Of course there aren't enough hours in the day. My heart sinks when I see someone coming towards me when I’m working at church during the week, someone wanting to talk and talk about their family history and where their great-grandmother MIGHT be buried. They are having a pleasant stroll with all the time in the world. I have a list as long as my arm of things I’ve got to do. I would love to have Harry Potter’s Invisibility Cloak.

There are those heart-sinking, ‘will-I-ever-get-everything-done’ moments and then Tuesday afternoon comes along. I’ll tell you about our Tuesdays. It all started last year when one man just decided to come down and put in some plants he’d bought. Another man, visiting his wife’s grave, got talking to him and said he’d give him a hand next week, dig up some of the weeds. They decided Tuesday would be good day. I said I’d make them a cup of tea. We now have a keen group of between 8 and 10 people, who just come along. They’re made a difference and the church grounds are being transformed. It’s a real high. We have tea and crumpets on cold days and cool drinks and scones on warm days. There are sometimes wonderful bonfires too.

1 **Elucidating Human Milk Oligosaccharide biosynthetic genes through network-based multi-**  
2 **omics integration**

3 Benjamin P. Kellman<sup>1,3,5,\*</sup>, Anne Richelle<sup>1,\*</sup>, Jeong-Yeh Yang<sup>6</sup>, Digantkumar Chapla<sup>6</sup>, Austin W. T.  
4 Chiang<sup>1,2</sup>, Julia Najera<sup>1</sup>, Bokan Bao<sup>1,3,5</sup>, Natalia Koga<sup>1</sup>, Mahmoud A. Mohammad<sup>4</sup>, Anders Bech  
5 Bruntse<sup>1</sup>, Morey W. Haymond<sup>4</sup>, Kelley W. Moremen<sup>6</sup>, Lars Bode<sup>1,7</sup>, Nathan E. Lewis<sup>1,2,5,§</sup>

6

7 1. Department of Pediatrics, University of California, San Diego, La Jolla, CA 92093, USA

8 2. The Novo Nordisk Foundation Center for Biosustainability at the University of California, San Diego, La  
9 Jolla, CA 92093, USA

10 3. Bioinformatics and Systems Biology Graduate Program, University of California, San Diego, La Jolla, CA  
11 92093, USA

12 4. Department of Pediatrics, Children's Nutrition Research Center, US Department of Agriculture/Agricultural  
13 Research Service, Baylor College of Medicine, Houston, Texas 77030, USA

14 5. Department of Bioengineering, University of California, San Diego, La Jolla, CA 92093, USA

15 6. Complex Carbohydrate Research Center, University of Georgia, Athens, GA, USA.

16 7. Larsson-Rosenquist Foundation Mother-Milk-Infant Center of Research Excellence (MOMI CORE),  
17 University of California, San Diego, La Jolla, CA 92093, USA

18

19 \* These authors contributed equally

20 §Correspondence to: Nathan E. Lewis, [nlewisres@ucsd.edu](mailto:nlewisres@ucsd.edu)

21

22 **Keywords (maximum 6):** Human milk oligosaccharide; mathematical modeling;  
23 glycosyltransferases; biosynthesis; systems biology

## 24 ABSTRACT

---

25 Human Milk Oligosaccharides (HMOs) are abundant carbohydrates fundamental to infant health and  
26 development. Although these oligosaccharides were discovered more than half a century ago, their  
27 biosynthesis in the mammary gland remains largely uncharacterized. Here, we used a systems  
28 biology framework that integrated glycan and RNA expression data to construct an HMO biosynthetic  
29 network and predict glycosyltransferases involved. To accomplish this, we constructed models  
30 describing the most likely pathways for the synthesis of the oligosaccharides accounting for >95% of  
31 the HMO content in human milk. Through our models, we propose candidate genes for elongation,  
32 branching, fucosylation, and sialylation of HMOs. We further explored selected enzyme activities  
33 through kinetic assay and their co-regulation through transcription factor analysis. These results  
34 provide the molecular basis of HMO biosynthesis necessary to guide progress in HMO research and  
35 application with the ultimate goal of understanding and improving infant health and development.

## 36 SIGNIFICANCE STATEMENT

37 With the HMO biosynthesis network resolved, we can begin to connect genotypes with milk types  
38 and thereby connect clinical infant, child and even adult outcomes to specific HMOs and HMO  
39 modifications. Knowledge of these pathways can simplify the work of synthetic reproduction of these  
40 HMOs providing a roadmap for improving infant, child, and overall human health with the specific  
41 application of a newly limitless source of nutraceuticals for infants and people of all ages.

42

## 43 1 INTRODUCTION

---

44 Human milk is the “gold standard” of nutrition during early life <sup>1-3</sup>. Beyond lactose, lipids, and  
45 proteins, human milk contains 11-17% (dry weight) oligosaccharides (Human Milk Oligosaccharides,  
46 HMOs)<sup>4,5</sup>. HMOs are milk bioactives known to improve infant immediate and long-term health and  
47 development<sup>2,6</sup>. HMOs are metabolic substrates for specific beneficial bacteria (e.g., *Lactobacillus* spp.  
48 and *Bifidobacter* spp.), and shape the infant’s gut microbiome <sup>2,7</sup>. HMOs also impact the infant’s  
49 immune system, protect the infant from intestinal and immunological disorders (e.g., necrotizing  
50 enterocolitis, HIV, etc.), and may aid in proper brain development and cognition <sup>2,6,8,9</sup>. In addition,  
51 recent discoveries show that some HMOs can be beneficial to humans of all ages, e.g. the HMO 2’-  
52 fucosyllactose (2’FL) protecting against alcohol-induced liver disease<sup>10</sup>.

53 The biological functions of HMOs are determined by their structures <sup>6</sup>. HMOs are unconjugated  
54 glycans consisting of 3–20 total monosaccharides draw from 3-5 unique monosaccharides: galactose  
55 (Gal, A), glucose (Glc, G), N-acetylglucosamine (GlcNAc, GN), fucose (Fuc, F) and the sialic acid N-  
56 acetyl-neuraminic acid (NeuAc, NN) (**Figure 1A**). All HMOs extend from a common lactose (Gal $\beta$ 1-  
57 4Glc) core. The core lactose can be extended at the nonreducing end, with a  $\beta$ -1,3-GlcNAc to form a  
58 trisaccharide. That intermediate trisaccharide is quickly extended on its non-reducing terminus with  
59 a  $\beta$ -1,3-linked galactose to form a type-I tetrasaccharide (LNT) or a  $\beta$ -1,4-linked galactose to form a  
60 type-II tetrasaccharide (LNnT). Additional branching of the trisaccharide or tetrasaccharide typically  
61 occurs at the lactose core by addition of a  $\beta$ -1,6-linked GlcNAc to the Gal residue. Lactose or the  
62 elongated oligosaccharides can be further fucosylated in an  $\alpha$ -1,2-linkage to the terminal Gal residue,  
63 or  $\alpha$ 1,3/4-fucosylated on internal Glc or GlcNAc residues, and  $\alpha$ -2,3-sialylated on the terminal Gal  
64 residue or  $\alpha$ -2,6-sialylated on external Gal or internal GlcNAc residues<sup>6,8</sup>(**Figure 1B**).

When we became wardens, we wondered what would be the best way of saying thank-you to the two men who had held office for so many years. They would be sad to hand over to us. They had both given so much to the church.  We wanted to make a presentation to them so decided to do a little sketch.

I suggested we dress up as two rugby players (well we are near Wigan). Kay came up trumps. She brought her son’s rugby kit. We looked enormous with that lot on I can tell you. We even had those bandages round our heads to protect our ears. At the end of their last service we went running down the aisle passing the ball between us. The sketch went well. I forgot my lines (and I’d written the script) Kay prompted me. Everyone laughed and Ray and Alan were given their presents. It all ended on a high.